“I’m just going to take her into the diner and get her some coffee,” Tom said, with a tone of quiet authority. His absolute calm — his absolute certainty — seemed to carry its own weight. One of the firefighters made a sound, but the owner of the Bed And Breakfast pointed out that Ms. Ryu couldn’t be concerned with starting the fire, after all, nor could she know anything about it, since it had started several floors below her, and then Tom Ormson was leading him to the back door of the diner.
Bea was impressed by the fact that with the tragedy playing itself out back there, in the parking lot, there was no one watching at the back door of the diner, or through the window that faced the fire. In fact, it seemed to her, as she entered the diner, that she’d just entered a classroom where kids had been very naughty and then become models of good behavior when teacher came back. There was a sort of strained “I’m being good ma” quality to the groups sitting around the tables, and even to the two employees behind the counter, one a young man, manning a grill and fryer and the other a woman doing something to vegetables that included a lot of very fast chopping. Neither of them gave of the vibe of being the “teacher” figure that had caused the diner to behave so unnaturally.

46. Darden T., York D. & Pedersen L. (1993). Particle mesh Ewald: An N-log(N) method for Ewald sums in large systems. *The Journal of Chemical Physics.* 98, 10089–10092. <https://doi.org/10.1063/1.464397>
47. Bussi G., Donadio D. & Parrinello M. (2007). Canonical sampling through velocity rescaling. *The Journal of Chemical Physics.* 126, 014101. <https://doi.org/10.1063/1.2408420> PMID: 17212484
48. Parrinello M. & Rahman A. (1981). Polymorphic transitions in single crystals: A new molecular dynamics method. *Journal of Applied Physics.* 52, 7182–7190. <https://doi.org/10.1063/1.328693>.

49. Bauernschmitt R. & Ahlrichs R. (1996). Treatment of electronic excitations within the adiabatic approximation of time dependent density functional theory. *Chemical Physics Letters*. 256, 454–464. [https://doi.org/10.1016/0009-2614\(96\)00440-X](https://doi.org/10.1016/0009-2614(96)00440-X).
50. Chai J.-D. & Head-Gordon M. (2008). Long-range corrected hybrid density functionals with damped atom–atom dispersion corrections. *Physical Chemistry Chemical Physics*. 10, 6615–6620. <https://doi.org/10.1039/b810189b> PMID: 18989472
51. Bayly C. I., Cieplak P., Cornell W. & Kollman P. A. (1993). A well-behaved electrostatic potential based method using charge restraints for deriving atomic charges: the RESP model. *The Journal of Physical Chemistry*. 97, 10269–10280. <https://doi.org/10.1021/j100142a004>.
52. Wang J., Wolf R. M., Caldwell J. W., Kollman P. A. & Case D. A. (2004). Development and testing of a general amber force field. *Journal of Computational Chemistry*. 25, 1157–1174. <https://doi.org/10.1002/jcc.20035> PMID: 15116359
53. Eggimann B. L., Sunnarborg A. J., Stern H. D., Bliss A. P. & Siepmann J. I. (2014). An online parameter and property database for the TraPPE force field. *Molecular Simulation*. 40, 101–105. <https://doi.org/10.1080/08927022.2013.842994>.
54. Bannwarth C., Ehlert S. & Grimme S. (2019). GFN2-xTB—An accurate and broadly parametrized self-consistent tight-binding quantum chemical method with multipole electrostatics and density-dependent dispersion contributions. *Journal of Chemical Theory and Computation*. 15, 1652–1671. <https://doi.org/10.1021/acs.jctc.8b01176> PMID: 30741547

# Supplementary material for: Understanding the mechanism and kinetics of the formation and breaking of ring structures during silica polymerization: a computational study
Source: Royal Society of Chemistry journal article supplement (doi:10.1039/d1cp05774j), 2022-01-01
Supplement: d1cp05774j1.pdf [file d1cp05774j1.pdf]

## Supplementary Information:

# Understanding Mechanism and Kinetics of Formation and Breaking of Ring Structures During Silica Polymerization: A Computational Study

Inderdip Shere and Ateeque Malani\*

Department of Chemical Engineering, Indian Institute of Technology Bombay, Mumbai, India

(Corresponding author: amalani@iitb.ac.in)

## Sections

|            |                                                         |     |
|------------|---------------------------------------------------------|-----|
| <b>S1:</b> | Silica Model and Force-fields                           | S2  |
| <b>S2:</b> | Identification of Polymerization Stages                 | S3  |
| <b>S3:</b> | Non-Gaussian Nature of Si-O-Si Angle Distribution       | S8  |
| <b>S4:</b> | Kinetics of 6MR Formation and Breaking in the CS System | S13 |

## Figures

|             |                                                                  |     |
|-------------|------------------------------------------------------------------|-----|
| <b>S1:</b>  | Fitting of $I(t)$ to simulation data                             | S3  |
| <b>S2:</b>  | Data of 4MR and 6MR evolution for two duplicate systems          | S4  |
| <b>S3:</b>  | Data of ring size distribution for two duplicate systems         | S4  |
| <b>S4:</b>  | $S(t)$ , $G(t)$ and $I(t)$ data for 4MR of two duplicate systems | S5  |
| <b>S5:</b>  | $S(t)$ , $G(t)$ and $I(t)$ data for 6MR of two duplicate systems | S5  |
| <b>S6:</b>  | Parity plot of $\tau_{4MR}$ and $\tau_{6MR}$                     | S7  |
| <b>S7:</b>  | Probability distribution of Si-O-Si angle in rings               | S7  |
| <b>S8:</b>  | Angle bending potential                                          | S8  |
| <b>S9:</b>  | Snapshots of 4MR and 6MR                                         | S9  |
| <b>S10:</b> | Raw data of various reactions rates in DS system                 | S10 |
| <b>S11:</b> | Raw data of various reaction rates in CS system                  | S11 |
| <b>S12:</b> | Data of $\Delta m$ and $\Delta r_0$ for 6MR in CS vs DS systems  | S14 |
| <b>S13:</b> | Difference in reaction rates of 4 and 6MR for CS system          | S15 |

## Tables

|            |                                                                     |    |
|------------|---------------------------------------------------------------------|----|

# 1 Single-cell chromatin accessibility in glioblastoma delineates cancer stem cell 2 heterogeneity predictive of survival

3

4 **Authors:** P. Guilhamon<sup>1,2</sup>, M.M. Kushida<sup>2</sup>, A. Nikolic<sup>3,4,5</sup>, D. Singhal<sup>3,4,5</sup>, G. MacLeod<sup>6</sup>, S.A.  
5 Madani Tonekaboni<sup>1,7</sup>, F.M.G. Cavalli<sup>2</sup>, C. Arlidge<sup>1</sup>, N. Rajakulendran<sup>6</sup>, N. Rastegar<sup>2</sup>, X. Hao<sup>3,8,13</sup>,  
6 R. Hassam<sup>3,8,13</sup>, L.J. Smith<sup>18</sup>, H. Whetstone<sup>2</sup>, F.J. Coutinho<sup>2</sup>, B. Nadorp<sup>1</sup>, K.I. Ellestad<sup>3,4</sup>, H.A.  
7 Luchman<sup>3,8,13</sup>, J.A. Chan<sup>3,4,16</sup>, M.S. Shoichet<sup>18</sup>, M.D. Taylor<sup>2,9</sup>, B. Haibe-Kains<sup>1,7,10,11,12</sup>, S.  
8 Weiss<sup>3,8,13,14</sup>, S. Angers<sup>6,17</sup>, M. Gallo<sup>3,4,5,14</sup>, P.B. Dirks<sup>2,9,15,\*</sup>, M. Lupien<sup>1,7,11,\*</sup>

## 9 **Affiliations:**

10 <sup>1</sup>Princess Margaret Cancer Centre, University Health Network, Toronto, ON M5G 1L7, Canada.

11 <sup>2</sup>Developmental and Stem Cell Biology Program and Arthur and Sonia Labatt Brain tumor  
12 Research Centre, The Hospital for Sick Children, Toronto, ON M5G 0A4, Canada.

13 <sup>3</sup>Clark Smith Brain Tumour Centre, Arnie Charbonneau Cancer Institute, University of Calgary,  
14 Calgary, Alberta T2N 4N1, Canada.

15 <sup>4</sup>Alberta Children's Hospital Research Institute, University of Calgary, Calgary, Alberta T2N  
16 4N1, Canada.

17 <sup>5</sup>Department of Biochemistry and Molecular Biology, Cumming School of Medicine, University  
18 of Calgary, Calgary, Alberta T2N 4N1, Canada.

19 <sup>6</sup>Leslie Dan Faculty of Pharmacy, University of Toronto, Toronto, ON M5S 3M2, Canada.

And then Bea saw her. She was tall — taller than Tom Ormson — and, Bea though dispassionately, that she was also very beautiful with golden skin and long brown hair, the edge of it dyed in a way Bea wouldn’t mind imitating if she could figure it out.